Notes on Isaiah Berlin
Overview
Isaiah Berlin was a philosopher who mainly wrote about the history of ideas and had a particular interest in the period around the French Revolution and its relevance to political thought in mid twentieth century.
These notes are and will remain, fragmentary, incomplete, un-scholarly, inaccurate. They are written as part of the process of writing other things, which are not themselves about Berlin or his views.
It is therefore moot whether they can be useful to anyone but myself. They might possibly contribute to an understanding of what I have written elsewhere, of the genesis of my own follies, if that should ever become a matter of interest.
Berlin began his career as an analytic philosophy and then moved to be a philosophical historian of ideas, with a particular interest in the political ideas of "the romantic age", i.e., roughly, the century around the turn of the nineteenth.
Berlin's was particularly interested in the period (which he called "the romantic age"), consisting of the end of the 18th and the beginning of the 19th centuries, and identifies one particular development which took place during this period as of special importance. This is the challenge to the outlook of the Enlightenment by certain aspects of romantic thought..
Liberty in its various conceptions and misconceptions, is a key concept for Berlin.
History
Pluralism
Berlin's tripod is a description of what he believed to the central doctrine of Western thought (from the Greeks onwards), which were overturned by Romanticism.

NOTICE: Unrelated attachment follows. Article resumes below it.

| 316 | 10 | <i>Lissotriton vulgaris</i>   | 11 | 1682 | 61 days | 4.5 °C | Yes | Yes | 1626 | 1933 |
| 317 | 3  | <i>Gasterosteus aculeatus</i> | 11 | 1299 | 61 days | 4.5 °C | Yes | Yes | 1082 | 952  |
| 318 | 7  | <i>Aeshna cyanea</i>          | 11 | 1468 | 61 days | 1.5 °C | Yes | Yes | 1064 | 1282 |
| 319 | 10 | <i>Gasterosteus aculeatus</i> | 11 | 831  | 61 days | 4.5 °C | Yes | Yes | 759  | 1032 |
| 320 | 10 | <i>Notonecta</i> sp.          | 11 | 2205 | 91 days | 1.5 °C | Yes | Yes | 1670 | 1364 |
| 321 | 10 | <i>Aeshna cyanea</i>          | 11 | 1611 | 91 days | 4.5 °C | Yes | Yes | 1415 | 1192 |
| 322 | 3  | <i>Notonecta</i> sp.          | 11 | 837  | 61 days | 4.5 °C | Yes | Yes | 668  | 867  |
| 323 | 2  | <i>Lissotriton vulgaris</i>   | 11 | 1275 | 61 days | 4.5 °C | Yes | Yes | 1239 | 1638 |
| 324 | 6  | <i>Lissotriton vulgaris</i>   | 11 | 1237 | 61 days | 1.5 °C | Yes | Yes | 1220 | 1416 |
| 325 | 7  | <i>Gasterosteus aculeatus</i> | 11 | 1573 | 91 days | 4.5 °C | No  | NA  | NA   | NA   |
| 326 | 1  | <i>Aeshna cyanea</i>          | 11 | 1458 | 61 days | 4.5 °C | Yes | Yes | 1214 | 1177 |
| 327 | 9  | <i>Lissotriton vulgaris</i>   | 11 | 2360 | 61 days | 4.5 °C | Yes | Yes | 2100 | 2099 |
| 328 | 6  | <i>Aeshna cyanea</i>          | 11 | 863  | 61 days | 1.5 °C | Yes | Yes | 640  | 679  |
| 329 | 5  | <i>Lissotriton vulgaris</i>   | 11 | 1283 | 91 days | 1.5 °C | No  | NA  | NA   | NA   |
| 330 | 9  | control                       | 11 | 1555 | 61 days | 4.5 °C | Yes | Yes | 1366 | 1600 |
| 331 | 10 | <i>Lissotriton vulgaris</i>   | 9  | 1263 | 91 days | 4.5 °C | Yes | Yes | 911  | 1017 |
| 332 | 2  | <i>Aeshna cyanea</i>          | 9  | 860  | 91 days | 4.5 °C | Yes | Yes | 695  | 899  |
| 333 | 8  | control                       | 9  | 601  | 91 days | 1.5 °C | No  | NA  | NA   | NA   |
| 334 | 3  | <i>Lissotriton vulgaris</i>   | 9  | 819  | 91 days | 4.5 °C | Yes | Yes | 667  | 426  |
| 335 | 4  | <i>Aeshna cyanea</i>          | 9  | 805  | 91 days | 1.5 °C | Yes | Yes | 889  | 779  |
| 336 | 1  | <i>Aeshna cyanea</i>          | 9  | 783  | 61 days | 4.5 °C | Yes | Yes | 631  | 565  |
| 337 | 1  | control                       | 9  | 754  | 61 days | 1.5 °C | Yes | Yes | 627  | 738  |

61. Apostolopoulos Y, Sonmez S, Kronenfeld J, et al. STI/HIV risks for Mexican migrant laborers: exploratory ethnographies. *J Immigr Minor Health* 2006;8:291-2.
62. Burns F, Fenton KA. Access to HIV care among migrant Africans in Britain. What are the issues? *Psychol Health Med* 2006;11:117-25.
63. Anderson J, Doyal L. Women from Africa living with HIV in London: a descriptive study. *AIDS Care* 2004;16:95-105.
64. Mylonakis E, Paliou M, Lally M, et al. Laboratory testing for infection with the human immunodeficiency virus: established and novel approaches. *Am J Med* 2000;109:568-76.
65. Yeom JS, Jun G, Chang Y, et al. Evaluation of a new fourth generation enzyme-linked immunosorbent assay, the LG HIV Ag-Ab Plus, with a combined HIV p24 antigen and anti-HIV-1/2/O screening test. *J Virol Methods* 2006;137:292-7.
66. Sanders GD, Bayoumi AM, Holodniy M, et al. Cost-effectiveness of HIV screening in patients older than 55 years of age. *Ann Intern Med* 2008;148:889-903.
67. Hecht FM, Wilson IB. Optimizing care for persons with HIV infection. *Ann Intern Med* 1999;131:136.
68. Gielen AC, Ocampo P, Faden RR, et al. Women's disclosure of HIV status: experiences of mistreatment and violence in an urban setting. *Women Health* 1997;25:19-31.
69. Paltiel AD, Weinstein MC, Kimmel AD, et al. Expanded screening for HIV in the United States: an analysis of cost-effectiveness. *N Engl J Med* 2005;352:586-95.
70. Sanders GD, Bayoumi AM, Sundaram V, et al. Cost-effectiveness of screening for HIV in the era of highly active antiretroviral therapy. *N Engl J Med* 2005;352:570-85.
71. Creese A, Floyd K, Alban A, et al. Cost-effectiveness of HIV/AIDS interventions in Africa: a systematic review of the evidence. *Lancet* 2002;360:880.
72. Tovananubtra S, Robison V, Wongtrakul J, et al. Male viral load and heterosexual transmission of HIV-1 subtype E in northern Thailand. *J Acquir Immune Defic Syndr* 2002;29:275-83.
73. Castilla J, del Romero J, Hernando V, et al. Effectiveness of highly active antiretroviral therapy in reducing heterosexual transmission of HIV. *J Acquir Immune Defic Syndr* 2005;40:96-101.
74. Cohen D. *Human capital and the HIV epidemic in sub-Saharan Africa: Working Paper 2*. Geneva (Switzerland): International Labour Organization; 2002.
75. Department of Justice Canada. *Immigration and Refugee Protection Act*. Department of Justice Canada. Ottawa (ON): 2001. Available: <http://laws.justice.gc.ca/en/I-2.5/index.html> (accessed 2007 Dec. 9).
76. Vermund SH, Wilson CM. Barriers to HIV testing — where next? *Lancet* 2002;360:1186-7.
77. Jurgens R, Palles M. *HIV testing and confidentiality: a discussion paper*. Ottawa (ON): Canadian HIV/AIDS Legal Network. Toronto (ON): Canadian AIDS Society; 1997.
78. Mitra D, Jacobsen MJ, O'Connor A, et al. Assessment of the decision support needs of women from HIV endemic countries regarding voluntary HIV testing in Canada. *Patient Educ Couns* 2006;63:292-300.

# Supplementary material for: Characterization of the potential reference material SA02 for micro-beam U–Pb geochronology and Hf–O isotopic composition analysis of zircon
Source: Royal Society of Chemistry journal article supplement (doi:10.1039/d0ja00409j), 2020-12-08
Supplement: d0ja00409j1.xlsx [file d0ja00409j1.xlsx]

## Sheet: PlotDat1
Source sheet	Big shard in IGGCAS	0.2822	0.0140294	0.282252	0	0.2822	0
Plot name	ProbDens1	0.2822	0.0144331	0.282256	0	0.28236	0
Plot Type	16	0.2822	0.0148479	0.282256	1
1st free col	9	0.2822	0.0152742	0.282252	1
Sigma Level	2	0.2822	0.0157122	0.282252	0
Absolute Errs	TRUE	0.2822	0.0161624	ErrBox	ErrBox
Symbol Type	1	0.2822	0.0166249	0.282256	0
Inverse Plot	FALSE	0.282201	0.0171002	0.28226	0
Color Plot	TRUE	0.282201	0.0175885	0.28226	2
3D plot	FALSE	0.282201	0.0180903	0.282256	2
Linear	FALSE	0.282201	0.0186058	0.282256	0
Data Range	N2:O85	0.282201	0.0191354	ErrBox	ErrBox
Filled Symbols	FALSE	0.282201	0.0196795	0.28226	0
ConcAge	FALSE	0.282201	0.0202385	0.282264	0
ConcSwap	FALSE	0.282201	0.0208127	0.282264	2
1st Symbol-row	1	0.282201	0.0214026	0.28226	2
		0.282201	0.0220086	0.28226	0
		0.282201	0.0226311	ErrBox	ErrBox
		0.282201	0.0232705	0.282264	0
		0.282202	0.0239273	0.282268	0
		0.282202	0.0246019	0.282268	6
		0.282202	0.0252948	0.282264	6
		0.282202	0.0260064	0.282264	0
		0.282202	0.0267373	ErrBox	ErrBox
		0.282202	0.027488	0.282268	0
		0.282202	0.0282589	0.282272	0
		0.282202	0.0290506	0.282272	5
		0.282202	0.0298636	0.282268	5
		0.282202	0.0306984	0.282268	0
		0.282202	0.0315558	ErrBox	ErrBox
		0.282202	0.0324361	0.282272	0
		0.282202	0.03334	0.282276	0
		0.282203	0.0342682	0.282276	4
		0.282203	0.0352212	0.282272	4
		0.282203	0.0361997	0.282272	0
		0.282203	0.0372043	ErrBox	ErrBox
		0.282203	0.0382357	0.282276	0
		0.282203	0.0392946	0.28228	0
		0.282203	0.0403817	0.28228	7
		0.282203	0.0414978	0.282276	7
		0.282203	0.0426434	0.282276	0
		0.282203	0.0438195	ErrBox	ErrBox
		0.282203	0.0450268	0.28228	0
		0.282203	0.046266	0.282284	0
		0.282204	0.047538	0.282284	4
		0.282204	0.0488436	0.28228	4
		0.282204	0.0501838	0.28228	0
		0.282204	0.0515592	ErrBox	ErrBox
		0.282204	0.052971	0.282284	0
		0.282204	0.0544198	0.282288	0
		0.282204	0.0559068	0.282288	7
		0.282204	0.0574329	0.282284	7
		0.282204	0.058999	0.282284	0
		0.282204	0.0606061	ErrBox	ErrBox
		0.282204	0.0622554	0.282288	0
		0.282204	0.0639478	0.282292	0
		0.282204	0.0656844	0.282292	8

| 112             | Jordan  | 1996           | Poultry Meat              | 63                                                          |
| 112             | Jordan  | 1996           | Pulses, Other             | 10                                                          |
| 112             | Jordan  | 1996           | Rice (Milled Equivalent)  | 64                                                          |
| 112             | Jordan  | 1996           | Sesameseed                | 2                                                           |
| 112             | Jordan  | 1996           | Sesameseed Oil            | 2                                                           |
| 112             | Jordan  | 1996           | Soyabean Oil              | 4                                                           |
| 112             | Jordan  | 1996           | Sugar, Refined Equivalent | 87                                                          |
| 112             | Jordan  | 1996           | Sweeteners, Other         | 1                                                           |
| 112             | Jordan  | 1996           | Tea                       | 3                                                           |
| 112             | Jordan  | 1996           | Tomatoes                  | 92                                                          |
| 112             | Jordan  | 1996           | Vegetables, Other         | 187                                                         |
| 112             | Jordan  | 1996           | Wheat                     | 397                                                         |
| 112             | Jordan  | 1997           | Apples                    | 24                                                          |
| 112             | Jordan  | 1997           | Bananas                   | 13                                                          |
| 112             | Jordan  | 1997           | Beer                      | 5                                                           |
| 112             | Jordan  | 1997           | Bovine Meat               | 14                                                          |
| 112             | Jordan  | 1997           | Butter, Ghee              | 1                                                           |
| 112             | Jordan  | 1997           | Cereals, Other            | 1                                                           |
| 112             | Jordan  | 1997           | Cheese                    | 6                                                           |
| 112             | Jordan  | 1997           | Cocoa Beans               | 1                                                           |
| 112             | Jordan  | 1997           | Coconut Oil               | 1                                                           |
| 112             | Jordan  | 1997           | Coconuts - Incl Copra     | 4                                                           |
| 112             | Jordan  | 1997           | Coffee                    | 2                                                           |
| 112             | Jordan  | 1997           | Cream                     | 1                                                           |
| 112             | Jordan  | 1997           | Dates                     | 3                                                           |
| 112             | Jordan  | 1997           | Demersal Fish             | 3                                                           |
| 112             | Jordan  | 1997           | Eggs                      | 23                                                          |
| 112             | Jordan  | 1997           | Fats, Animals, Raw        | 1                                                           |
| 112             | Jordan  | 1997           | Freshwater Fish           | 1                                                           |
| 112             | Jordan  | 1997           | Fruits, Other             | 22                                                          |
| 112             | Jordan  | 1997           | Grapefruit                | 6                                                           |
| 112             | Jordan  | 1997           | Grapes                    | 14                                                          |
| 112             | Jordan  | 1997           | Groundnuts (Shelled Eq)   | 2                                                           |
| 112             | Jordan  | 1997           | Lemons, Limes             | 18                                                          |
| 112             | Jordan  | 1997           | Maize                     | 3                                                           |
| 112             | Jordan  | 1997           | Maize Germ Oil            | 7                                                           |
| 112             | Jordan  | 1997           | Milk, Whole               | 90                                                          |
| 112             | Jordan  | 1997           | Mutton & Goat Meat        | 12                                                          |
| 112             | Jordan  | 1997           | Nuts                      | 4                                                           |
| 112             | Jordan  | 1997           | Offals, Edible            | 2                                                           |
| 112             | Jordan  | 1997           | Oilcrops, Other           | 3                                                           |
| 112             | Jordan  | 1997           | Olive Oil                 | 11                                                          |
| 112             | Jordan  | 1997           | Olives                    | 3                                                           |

Notes on various of Berlin's writings (sometimes no more than the title).
Introduction
Berlin began his career as an analytic philosophy and then moved to be a philosophical historian of ideas, with a particular interest in the political ideas of "the romantic age", i.e., roughly, the century around the turn of the nineteenth.

The Enlightenment and Romanticism
Berlin's was particularly interested in the period (which he called "the romantic age"), consisting of the end of the 18th and the beginning of the 19th centuries, and identifies one particular development which took place during this period as of special importance. This is the challenge to the outlook of the Enlightenment by certain aspects of romantic thought..

In both these matters (the Enlightenment and Romanticism) it is desirable to try to understand what Berlin's particular conception was, since there are diverse conceptions of these two phenomena, and it is of interest to understand the change which Berlin is describing whether or not we agree with the words he uses to describe it. For example, if you try to comprehend what Berlin is saying in terms of the conception of Romanticism to be found in Russell's History of Western Philosophy then it won't make any sense and won't relate at all to the ideas of Berlin.

However, a scholarly exegesis of Berlin's views is certainly beyond me, and what follows is no more than a sketch of aspects of Berlin's views intended only to help me formulate my own.

The Enlightenment

The particular conception of Enlightenment values under consideration is spelled out by Berlin (in "The Apotheosis of the Romantic Will" in "The Crooked Timber of Humanity" [Berlin90]) as follows:

  • all genuine questions (theoretical and practical) have exactly one true answer
  • the answers are in principle knowable
  • the true answers are all mutually consistent
Its important I think to add here that the method by which one attains this knowledge is though reason, and this seems to encompass a broad conception of scientific method but exclude appeals to authority, superstition or revelation.

The Romantic Will

The first thing to note about Romanticism here is simply that it contradicts the Enlightenment view presented above. For Berlin a key respect in which is does this is by a change in attitude towards heroism, which inaugurates a kind of pluralism.